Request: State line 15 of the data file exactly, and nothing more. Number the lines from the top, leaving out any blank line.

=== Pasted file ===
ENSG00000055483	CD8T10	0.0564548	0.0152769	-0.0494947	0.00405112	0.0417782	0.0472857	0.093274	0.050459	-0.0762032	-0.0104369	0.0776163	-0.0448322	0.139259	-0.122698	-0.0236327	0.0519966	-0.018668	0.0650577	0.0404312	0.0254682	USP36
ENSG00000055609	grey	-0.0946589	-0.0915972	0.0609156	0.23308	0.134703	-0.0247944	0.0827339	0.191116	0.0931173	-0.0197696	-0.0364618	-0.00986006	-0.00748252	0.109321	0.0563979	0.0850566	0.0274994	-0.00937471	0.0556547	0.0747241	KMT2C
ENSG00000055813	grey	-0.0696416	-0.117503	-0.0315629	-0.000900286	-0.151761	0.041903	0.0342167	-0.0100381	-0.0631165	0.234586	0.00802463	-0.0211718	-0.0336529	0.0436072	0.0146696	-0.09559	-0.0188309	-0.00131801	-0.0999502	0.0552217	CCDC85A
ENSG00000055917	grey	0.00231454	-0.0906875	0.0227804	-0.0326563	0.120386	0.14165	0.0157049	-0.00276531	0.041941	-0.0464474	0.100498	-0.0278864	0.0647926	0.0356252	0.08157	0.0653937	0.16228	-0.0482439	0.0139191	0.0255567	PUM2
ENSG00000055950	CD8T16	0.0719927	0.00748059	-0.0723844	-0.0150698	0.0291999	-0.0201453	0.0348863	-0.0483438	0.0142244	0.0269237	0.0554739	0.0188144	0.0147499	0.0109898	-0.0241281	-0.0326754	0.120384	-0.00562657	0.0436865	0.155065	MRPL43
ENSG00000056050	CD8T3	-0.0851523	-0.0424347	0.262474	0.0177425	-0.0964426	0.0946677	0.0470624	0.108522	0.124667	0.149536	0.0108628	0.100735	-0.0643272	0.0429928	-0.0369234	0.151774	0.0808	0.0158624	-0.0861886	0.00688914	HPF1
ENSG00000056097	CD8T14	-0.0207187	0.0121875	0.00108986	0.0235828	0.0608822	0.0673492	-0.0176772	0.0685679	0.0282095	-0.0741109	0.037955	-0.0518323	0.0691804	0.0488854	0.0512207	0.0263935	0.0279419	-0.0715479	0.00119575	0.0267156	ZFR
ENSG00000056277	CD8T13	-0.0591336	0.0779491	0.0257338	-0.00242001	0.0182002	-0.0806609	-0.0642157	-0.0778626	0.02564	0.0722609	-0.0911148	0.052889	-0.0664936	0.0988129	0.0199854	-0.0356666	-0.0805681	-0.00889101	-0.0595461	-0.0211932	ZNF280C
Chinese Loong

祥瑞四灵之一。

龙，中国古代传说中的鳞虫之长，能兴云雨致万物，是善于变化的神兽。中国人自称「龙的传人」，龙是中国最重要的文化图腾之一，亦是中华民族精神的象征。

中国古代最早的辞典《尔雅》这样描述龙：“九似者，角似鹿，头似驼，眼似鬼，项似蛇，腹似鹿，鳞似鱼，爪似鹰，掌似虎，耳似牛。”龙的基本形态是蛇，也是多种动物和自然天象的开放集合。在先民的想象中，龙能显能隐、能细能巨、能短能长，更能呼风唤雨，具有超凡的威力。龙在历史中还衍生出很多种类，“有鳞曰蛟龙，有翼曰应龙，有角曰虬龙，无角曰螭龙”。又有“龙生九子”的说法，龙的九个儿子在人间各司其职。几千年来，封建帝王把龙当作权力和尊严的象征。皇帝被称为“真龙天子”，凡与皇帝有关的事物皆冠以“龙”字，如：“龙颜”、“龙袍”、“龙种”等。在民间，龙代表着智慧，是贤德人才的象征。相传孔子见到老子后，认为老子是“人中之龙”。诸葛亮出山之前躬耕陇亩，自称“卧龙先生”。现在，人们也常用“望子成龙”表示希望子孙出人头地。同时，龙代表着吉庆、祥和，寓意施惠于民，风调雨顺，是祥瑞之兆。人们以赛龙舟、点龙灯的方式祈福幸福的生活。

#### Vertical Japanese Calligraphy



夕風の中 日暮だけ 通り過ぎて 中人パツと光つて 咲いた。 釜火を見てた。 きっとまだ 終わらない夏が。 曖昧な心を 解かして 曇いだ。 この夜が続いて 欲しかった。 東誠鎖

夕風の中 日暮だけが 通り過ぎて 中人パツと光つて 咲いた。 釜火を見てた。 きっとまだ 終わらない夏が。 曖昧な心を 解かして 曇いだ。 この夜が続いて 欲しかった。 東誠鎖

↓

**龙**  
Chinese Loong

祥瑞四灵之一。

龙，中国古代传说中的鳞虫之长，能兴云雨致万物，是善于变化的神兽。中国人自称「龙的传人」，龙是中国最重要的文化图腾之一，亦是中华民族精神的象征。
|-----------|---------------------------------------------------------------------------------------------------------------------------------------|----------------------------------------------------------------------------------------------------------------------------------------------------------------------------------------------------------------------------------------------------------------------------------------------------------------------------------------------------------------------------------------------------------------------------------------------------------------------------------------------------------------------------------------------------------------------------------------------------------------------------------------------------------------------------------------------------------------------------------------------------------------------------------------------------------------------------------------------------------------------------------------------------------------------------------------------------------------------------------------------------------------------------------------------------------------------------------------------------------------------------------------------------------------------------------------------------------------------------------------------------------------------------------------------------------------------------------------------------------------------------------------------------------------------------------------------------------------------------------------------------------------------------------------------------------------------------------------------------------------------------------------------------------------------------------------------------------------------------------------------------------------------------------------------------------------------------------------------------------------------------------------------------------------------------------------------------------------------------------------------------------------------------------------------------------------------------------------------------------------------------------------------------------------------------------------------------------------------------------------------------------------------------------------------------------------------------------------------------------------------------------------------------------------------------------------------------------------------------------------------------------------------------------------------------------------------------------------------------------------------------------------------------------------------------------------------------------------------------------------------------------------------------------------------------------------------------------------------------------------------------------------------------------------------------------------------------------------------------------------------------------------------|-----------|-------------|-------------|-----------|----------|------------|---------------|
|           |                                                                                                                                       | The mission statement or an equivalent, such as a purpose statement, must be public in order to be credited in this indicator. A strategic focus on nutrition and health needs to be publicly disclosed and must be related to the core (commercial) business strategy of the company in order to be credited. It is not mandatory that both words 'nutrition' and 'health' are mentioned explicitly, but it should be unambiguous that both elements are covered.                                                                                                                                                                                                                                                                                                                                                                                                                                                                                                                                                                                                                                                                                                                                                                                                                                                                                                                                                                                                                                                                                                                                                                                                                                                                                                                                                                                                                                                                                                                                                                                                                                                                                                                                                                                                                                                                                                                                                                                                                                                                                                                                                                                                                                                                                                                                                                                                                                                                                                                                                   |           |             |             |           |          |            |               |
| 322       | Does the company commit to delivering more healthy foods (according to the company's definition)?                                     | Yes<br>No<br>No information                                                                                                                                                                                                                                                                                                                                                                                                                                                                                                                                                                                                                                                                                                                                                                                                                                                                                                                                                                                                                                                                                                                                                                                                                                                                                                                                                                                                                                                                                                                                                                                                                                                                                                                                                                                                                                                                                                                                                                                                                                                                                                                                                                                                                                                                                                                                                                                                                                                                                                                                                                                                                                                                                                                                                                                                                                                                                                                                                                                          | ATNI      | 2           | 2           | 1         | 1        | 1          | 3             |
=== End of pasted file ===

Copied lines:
夕風の中 日暮だけが 通り過ぎて 中人パツと光つて 咲いた。 釜火を見てた。 きっとまだ 終わらない夏が。 曖昧な心を 解かして 曇いだ。 この夜が続いて 欲しかった。 東誠鎖